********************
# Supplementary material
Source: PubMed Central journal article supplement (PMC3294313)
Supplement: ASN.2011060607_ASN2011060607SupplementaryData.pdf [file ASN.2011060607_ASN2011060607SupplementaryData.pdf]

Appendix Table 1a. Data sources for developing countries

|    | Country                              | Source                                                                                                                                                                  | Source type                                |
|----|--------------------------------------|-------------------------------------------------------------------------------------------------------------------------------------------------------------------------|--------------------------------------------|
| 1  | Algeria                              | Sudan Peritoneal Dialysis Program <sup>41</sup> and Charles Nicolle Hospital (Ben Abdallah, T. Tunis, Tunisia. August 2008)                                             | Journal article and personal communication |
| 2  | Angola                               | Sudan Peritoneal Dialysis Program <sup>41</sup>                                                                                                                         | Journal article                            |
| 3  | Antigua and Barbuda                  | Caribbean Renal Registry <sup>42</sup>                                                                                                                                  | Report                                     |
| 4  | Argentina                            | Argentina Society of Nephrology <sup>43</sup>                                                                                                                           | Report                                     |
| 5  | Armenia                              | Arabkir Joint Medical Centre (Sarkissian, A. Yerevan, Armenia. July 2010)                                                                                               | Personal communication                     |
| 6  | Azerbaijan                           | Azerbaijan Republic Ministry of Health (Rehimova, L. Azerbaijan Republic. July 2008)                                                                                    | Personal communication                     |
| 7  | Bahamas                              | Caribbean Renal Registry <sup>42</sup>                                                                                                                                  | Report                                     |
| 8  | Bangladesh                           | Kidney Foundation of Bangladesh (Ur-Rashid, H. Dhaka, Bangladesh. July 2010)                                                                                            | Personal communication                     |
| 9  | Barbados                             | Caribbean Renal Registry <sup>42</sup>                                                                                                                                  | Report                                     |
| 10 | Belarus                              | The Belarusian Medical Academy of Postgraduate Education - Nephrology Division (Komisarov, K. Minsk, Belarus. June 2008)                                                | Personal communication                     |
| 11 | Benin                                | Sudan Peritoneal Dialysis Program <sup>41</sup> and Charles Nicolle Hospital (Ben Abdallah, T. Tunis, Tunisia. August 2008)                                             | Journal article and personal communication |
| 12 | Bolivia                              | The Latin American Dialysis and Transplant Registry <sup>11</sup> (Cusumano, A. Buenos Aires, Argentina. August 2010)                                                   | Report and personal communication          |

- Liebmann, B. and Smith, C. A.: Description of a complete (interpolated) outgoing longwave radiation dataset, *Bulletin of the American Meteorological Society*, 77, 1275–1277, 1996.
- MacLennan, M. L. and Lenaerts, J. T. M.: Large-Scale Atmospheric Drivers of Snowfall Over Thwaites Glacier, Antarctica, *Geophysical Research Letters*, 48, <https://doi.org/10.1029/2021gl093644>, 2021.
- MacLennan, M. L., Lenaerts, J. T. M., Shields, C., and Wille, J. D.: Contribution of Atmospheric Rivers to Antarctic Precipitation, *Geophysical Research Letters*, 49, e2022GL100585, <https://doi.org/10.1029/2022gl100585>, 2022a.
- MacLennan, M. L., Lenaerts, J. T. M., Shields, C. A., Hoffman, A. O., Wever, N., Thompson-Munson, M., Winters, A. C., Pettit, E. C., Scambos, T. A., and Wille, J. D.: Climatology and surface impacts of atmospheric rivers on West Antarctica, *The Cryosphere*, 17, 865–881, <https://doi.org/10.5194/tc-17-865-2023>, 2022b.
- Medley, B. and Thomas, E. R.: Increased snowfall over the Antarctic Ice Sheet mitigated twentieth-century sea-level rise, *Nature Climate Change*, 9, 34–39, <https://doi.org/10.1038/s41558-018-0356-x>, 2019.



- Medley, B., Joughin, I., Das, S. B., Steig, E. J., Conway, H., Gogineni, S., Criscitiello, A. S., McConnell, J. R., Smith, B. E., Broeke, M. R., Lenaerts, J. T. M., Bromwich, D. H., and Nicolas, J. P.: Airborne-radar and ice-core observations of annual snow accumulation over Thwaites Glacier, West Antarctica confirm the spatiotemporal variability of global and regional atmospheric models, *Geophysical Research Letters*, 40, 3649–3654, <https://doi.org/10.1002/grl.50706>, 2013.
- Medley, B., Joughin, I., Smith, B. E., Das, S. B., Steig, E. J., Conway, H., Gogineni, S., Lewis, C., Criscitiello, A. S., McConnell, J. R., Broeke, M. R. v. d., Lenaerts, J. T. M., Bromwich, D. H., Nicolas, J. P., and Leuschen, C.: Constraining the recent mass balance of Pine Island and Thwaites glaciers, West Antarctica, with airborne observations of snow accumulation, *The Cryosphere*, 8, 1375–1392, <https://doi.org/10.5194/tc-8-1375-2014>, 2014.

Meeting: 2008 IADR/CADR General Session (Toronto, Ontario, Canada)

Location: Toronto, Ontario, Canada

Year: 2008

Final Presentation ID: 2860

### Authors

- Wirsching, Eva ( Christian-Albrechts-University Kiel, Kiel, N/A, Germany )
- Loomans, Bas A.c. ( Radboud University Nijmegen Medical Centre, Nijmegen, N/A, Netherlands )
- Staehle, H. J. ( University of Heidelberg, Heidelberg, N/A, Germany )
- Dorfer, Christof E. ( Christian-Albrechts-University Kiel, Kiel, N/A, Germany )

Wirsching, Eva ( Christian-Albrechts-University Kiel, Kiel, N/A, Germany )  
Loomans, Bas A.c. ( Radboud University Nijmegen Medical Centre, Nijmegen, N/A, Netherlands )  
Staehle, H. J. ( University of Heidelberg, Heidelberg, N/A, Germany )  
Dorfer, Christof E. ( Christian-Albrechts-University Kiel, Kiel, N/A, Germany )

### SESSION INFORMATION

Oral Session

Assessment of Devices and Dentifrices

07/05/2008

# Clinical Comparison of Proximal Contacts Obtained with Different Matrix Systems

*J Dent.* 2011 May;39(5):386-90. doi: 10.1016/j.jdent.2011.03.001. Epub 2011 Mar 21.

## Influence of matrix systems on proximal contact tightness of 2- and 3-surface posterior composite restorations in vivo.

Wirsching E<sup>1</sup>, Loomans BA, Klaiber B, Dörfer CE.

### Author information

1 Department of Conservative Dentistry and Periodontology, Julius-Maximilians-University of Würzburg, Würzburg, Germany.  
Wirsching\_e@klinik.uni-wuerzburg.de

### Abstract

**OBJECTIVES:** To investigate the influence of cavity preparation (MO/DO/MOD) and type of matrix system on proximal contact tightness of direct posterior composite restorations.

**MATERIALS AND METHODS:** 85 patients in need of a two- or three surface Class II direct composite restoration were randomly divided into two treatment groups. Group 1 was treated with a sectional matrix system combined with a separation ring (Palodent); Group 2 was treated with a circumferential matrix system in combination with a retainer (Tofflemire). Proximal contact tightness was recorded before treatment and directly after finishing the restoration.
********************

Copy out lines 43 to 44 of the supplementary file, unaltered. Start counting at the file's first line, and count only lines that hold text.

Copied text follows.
# Clinical Comparison of Proximal Contacts Obtained with Different Matrix Systems

*J Dent.* 2011 May;39(5):386-90. doi: 10.1016/j.jdent.2011.03.001. Epub 2011 Mar 21.